In the early years of the twentieth century, composer Cyril Scott was briefly heralded as one of the brightest hopes for English music, but after the First World War, as public tastes shifted, his work fell out of favor with audiences, and it was only toward the end of the twentieth century that a critical reappraisal began. His music, which was admired by Debussy, Elgar, and Strauss, is being played with greater frequency and is finding new listeners. The pieces presented here, his two piano concertos and Early One Morning, a tone poem for piano and orchestra, were recorded in 1975 and 1977 by pianist John Ogdon with Bernard Herrmann conducting the London Philharmonic.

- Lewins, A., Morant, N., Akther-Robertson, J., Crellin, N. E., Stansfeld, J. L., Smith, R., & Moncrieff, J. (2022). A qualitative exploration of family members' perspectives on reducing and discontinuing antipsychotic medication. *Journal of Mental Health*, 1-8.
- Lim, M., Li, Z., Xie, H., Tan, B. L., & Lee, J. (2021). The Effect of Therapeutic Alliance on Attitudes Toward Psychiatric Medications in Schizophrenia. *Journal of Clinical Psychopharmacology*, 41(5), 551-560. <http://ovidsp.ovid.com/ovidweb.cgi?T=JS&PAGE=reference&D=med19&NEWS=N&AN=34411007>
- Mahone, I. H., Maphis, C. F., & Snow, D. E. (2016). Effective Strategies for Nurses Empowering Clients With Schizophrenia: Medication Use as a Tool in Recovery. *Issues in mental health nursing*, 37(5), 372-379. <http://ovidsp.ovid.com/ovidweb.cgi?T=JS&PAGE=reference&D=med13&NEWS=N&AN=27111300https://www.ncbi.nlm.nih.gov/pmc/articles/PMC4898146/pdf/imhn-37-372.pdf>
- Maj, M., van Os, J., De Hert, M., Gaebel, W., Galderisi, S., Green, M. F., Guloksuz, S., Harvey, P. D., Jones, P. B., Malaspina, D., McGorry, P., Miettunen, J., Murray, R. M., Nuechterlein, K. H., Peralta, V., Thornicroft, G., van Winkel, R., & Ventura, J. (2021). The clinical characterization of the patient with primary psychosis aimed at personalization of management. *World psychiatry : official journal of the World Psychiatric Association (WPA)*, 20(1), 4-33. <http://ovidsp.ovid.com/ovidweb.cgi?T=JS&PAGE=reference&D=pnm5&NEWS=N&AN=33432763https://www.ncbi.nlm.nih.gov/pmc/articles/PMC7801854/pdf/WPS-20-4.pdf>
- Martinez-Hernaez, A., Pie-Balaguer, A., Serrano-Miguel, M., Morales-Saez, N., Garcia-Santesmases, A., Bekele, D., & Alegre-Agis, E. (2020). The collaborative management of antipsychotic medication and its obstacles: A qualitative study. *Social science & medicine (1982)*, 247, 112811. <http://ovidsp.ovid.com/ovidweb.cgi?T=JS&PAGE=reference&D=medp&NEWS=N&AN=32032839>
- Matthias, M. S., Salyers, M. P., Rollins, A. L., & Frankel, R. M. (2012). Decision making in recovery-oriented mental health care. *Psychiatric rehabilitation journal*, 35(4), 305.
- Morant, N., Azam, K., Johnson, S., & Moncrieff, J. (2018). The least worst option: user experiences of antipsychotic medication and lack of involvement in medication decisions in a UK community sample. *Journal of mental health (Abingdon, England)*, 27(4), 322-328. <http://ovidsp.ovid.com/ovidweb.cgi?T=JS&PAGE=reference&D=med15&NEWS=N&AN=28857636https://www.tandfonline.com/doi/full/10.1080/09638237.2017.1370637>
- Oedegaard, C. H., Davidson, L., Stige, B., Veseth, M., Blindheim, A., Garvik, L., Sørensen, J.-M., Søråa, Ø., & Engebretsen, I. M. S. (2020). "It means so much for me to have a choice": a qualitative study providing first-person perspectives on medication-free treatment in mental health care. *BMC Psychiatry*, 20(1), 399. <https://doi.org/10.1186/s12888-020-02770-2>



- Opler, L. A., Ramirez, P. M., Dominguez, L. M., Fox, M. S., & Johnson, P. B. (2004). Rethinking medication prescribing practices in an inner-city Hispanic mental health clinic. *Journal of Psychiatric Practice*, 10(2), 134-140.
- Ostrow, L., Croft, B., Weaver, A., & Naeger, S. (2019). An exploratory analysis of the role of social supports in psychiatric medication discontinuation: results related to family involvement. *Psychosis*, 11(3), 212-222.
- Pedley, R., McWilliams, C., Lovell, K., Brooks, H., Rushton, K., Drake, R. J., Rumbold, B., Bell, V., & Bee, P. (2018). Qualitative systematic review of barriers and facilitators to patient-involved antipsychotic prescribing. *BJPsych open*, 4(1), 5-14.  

Scott's music is at once intellectually rigorous and sensuously appealing, and it's easy to understand the respect that such eminent composers felt for his work. His first Piano Concerto (1913-1914) shows the influence of the harmonies of Debussy and Ravel, while retaining that indefinable Englishness that also characterized the much of the work of his contemporaries, Ralph Vaughan Williams and Gustav Holst. The second Piano Concerto, written in the late '50s, was never performed during the composer's lifetime. While not stylistically too far removed from the first concerto, its tone is less distinctive; it sounds more cosmopolitan and generically neo-romantic. Early One Morning (1931) is a rhapsodic and highly attractive tone poem for piano and orchestra that recalls the world of La Mer. Ogdon performs all the works with obvious affection and with high energy and Herrmann emphasizes the music's broad lyric lines. Lyrita's sound is resonant but clean.